Alternative fuel options to reduce carbon footprint

Athens County is examining the feasibility of powering all of its vehicles with natural gas that county commissioners say would be obtained and installed locally if possible.

Should the county decide to retrofit its vehicles with natural gas capabilities, it would consider doing so through Hocking College’s Logan Campus, said Larry Long, executive director of the County Commissioners Association of Ohio.

Hocking College does not charge installation fees for modifying cars to use natural gas, but the customer must pay for the kit itself, which can range from $1,000 to more than $3,000, said James Baker, a teacher in Hocking College’s automotive program.

“Any monies I can keep in Athens County, I will do my utmost to do that,” said Commissioner Charlie Adkins.

Natural gas technology is more reliable and easier on the motor of a car than gasoline, said Baker, who drives a car equipped to use natural gas.

“It’s all around a better fuel,” Baker said. “The fact that it’s cheaper and the emissions it gives out are pretty much carbon dioxide and water.”

Equipping cars to run on natural gas could save both money and reduce the county’s carbon footprint, a part of the county’s participation in a competitive grant that would boost funding for environmental projects.

“We’re looking at ways to take methane from our wastewater treatment plants,” Commissioner Chris Chmiel said. “It’s just a part of a bigger picture of energy efficiency.”

Methane is chemically the same as natural gas, Chmiel added.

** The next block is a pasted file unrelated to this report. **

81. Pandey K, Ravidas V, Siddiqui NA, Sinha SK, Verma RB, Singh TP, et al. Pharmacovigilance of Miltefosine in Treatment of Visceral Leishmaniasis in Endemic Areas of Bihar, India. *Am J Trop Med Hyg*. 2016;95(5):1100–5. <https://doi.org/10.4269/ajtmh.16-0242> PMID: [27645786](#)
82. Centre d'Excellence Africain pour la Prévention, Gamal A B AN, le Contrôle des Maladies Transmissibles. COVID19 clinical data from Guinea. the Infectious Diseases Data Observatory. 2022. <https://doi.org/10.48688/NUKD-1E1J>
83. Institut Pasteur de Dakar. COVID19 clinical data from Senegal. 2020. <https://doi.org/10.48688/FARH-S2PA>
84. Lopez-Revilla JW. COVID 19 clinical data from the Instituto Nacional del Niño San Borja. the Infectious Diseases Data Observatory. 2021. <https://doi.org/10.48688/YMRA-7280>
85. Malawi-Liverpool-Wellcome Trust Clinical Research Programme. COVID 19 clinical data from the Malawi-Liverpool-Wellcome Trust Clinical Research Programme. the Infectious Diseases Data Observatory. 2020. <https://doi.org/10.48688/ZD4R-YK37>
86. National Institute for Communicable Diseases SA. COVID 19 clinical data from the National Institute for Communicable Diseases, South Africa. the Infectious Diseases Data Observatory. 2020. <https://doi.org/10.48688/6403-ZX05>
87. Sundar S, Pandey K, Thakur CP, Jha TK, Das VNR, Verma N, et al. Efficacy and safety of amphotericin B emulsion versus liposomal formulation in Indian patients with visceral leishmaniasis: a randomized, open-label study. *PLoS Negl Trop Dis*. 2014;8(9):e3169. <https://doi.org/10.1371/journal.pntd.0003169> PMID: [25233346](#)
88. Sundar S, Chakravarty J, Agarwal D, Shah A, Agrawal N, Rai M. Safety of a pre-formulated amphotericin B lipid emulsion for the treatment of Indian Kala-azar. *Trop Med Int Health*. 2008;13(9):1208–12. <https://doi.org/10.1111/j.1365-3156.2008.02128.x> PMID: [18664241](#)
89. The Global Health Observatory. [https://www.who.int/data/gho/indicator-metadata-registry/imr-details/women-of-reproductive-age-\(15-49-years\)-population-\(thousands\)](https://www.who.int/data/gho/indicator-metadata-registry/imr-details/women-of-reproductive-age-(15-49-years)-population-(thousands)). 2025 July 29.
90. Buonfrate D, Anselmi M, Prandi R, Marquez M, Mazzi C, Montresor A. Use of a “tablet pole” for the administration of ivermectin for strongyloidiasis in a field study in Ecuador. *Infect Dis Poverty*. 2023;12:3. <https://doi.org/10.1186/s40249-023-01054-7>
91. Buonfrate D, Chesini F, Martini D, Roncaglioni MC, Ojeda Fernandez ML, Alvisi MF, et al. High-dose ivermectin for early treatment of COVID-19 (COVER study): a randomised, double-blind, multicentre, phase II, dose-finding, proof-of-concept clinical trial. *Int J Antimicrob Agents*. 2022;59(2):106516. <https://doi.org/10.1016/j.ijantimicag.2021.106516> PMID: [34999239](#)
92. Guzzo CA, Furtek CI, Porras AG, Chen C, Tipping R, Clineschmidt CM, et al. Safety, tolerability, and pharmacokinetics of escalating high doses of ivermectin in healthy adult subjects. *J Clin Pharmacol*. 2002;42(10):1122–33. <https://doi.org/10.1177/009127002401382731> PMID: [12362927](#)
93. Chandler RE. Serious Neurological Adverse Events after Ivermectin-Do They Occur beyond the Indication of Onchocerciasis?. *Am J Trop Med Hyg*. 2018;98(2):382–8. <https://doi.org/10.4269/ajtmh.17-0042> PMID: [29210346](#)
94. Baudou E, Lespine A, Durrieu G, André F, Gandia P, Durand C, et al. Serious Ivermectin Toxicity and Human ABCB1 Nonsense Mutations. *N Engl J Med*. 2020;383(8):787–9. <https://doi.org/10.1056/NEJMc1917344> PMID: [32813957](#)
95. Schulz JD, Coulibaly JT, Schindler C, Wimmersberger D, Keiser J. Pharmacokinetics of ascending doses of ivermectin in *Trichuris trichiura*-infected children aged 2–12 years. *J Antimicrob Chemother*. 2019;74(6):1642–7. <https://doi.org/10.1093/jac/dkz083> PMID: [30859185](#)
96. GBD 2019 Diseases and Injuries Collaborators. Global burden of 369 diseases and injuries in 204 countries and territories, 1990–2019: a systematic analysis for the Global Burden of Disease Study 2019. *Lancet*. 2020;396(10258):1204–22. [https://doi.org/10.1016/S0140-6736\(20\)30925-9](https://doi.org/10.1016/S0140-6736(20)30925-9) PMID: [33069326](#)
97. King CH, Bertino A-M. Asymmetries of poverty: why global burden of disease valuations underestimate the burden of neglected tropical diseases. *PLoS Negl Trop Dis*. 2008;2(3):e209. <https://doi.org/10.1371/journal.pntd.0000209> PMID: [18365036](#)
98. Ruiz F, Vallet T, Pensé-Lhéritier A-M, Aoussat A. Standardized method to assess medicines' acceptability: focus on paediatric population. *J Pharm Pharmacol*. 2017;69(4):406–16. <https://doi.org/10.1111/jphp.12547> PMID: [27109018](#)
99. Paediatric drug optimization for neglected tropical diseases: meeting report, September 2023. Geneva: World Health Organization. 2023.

The county’s Meals on Wheels program, a program that delivers meals to the elderly, already has switched to a similar fuel, propane in their vehicles, Chmiel said.

“They’ve switched their vehicles over to propane and they’ve been able to get their (fuel) cheap,” Chmiel said. “Each vehicle can use both propane and gasoline.”

If the county were to convert its vehicles to natural gas, it would need to install filling stations, something the federal government has set aside grant money for, Long said.

“Technically it’s a cost to reducing our carbon footprint,” said Long. “It’s not money I get in my pocket, it’s more of a societal benefit.”

Concerns arise that the use of natural gas technology may reduce the performance of some cars; a difference Long said is minimal.

“(There is) some reluctance among law enforcement community because they are not sure they will have the same pickup.” Long said.

Ohio University Police Chief Andrew Powers said he was not familiar with any police departments that use natural gas to power their vehicles, but would be open to the technology if it proved to be feasible and easy to use.

After grant money is secured, the commissioners association will begin educating people on the benefits and practicality of natural gas, Long said.

The County is still in the process of applying for the grant.

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